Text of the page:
Quilty National SchoolQuilty National School
Home About Us Courses Events Sports Education Community Admin Login Contact Us

New Users
Click Here
Our Gallery
>Bell from Leon XIII

>Old Kilmurry Church

>Quilty Church

>Quilty Village

>St Joseph''s Well

Go Search
Extra Curricular Activities Booklists

Quilty Village

Quilty Long Ago

As this century opened Quilty was an active farming-fishing community. Its people made kelp and wrestled a hard living from the Atlantic. They fished for haddock, ling. and cod, using spillers, or very long lines, to catch this fish, and travelling four or five miles in their currachs out from Mutton Island and back to the banks. Mackerel were very plentiful, and the women cured the fish and packed them for export to America:

You couldn’t walk down the pier with the barrels of mackerel piled high as the house. All the women would be cutting them and cleaning them and salting and packing and they were all shifted to America.

Many changes come over the fishing scene:

Up to 1960’s currachs were used for fishing. After that boats with an engine were used and it was mostly lobster fishing. No mackerel were taken here for a long time. Now mackeral are being fished again.

Kelp was an important factor in the local economy in the early decades of this century. In the month of May came the "May goradh", the stir in the tide, which indicated that the weed was ripe and breaking off. Then the task of weed gathering began and all the families along the shore took part in the work. The weed was burned in pits or kilns to make the kelp and afterwards the kelp was brought into the store near Quilty Station where it was tested by a Mr. P.S. Carroll, agent for Fairlings Company of Galway. Good quality kelp fetched up to £10 or £12 a ton, but poorer stuff only made three pounds. As in all other places along the western seaboard kelp making has ceased in Quilty for many years.

The Griffins of Ennis, who kept large droves of cattle there, once owned Mutton Island. No family stayed there in winter during the last century, people lived there before then alright.

But one incident still stirs the memory of Quilty and that is the sinking of the Leon XIII and the rescue of its crew members by the Quilty fishermen on Oct. 2nd, 1907. The dramatic moment has gone into song and story, and has indeed acquired some of the characteristics of legend in its generous retelling over the decades. A local man recalled the stricken ship on that morning. One feature remained fixed in his mind and that was the sails. She was all white sails. He remember well seeing her. She was going towards Spanish Point and her rudder got broken off and she wheeled around and got sunk here off Quilty. The coastguards were back there then and they brought their boats down. However it was the local fishermen in their currachs who eventually saved the shipwrecked French sailors.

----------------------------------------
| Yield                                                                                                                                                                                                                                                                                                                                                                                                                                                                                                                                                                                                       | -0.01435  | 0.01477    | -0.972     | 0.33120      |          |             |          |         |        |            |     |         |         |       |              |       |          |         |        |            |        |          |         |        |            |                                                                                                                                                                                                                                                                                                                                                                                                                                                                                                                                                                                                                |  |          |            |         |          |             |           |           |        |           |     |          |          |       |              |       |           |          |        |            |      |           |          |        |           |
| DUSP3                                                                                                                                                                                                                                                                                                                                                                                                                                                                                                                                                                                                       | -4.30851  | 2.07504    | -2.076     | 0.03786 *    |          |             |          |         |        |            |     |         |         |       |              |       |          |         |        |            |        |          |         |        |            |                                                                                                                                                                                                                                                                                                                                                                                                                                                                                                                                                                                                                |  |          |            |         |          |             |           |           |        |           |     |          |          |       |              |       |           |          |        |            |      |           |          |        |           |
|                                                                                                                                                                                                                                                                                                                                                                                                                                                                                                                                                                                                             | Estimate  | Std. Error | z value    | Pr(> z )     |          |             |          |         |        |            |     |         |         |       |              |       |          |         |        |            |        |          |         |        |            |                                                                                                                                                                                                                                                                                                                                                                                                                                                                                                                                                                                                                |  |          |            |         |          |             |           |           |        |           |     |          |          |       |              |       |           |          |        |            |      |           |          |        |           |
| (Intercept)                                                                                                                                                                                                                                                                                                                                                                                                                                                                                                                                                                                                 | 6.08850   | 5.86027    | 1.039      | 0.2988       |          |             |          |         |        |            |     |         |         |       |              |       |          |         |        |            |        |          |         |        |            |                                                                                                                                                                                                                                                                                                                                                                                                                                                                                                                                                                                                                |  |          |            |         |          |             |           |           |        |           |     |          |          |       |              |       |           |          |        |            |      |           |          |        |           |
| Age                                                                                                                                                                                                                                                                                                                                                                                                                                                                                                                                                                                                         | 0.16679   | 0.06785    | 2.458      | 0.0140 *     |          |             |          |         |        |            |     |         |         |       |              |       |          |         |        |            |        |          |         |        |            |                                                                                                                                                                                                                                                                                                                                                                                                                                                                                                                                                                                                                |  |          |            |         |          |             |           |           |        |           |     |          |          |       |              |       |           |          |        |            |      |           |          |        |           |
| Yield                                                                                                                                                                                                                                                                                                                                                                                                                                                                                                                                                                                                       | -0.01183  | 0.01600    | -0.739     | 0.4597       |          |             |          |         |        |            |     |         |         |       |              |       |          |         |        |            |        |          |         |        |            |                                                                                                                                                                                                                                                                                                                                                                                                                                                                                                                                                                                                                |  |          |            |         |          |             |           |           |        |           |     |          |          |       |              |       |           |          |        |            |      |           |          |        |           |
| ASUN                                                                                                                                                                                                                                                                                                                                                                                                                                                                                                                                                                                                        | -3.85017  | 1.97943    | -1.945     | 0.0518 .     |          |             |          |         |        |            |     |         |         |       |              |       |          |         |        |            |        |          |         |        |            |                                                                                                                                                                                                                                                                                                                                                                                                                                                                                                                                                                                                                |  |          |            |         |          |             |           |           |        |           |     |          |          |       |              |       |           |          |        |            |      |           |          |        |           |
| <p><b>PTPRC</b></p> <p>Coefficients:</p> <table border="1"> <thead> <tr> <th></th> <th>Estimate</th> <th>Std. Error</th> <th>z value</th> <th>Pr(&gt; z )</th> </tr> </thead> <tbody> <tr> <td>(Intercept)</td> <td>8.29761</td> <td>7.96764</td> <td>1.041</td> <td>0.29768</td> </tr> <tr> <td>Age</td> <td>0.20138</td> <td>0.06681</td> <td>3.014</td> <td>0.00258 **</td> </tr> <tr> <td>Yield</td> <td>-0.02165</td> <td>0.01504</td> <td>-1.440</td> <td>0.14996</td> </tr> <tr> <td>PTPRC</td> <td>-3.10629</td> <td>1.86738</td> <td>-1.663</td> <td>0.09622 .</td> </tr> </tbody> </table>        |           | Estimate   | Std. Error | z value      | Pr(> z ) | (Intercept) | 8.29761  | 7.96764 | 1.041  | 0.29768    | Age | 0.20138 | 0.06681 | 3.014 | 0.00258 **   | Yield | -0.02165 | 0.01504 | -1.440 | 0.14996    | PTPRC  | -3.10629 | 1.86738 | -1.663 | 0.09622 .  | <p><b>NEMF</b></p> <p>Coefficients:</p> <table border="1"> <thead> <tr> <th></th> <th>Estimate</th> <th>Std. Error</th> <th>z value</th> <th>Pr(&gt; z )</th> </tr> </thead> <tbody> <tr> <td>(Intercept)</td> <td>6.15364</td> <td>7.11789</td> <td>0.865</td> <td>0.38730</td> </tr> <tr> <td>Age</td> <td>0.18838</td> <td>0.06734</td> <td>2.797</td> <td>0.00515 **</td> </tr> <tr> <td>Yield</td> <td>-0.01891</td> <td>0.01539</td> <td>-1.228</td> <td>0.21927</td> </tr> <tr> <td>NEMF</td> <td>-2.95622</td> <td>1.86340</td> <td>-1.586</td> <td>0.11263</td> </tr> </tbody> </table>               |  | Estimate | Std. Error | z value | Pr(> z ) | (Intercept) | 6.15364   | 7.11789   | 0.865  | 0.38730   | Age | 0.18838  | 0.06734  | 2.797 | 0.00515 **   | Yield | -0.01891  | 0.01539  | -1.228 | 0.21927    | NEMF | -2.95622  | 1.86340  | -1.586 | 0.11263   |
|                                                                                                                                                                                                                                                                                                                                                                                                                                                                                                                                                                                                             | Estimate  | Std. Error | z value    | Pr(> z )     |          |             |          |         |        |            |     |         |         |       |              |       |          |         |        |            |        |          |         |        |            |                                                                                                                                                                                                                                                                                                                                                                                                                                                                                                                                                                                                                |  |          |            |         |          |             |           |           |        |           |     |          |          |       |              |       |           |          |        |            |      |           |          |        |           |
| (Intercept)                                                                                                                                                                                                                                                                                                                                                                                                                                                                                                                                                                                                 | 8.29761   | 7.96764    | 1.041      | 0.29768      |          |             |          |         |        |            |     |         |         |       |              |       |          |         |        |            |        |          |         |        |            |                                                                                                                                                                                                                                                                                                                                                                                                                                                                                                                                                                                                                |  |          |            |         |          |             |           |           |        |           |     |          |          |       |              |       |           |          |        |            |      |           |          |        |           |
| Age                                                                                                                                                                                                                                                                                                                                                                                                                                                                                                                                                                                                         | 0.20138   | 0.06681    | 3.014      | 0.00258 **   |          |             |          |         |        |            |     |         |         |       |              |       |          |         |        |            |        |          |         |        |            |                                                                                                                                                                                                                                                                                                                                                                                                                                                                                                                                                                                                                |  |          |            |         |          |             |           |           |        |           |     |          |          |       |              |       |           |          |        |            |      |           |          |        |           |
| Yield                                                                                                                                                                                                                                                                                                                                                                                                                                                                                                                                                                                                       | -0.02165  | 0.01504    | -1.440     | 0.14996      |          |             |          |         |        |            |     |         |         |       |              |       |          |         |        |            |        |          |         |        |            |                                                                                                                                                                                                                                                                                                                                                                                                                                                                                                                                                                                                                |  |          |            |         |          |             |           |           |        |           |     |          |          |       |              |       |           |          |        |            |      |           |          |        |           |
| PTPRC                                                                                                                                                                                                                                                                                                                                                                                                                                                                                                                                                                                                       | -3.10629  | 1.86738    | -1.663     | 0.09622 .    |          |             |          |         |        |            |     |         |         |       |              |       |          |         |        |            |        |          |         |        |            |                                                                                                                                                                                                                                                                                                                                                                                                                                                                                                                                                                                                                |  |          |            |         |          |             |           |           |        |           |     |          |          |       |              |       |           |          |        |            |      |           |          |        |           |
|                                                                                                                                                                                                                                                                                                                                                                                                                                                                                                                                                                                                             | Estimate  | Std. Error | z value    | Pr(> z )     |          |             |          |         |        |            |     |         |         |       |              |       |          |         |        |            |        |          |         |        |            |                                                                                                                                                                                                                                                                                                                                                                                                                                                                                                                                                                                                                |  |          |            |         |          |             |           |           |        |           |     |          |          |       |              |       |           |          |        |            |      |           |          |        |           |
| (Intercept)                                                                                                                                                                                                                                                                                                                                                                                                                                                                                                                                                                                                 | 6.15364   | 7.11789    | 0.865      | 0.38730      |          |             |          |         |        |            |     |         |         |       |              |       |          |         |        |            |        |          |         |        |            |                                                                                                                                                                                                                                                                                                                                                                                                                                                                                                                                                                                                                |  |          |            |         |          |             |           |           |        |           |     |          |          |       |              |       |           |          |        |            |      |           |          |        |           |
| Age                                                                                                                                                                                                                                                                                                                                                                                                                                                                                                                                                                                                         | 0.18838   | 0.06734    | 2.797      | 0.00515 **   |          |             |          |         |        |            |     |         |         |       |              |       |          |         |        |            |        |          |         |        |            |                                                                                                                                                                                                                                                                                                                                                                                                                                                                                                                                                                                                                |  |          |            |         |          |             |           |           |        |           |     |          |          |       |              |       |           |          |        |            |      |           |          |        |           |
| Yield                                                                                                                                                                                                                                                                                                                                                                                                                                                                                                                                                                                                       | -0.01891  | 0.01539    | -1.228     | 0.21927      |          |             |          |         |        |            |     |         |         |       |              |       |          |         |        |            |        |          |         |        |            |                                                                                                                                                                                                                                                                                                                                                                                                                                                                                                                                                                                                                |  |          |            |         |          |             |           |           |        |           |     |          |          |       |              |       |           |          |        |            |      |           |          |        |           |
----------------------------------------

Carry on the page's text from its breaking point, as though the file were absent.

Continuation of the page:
Abú Quilty Go Deo

In August 1935 this parish made football history when two local teams contested the Clare Senior Final in Miltown Malbay, the game was refereed by Joe Connole, Kilfenora.

Football history was made in Kilmurry.
In the Clare Senior Final of long long, ago,
When Kilmurry and Quilty squared up to do battle’,
In Jack Bonavilla’s own words "Abú Quilty go Deó".

Both teams in their prime they were stalwart and willing,
They had trained long and hard and were rearing to go.
No mercy was asked, and no quarter was given,
Until the final whistle; "Abú Quilty go Deó".

Killmurry played well, and they rose to the challenge,
Their tally was six points and just one mighty goal,
With two goals and five points Quilty had the advantage,
When that great game it ended "Abú Quilty go Deó".

So in Kilmurry Ibrickane we made football history,
The year nineteen thirty five we’ll record in folklore,
When two teams from the parish contested the final,
Again to quote Jack "Bonavilla", "Abú Quilty go Deó".

The names of these players I would now like to mention,
The bed of heaven to most, I solute those alive,
To this parish they brought so much pride and such honour,
In that Clare County final, in Nineteen thirty five.

Quilty lined up with Martin Callinan as goalie
Jack Cleary, Kane Walsh, John Kenny full back
Micko Keating, Paddy Galvin and Jack "Bonavilla"
In centerfield John Joe Healy and ‘Terrier’ Downes didn’t lack

McInerneys were there in full force in the forwards
Paddy goal scorer, Jodie, John Máirtín,
Marcus Walsh had a goal, aided by Tommy Mangan
Sonny Casey claimed five points he was fired up and mean.

Killmurry on their side had five sets of brothers
Martin Flynn, goalie, and Michael, each played well in his role
As did also their neighbours Joe and Micko Murphy
Timmy Donnellan who pointed and Birdie scored a goal,

Dan Fitzpatrick and Paddy on the day played a blinder
Paddy added a point or was it two or more
Dowds, Patrick and Joe they weren’t found wanting
And a third brother Michael, completed the score,

Martin Falsey, their uncle, was there in the backs,
As were Timmie Scanlon and Johnie Lillis I know.
And at last but not least was Jimmie McNamara,
In the forward line on that day long ago.

All that’s left now is the subs for to mention,
For Kilmurry, Charlie Carthy, John Haugh and John Joe Corry
Then Frankie Keane, Geddie Creahan and Paddy Joe Sexton
For the winning team.

N.B. This poem was writing by Monica Sterling a past pupil of Cloonadrum N.S. Details of the match were supplied by Jack Sexton of Bonnavilla. Our parish has a long tradition of Gaelic Footbal and many of those mentioned in the poem have grand children or great-grand children playing football for the parish at the moment.




Latest News
Community Noticeboard

>Clare County Library
>Dunsallagh School
>killaloe diocese

Quilty National School, Quilty, Co. Clare
Phone: Fax: Email: quilty.ias@eircom.net

Total Control™ Website. Designed and Powered by Enablesoft.NET.
Copyright© 2003 Quilty N.S.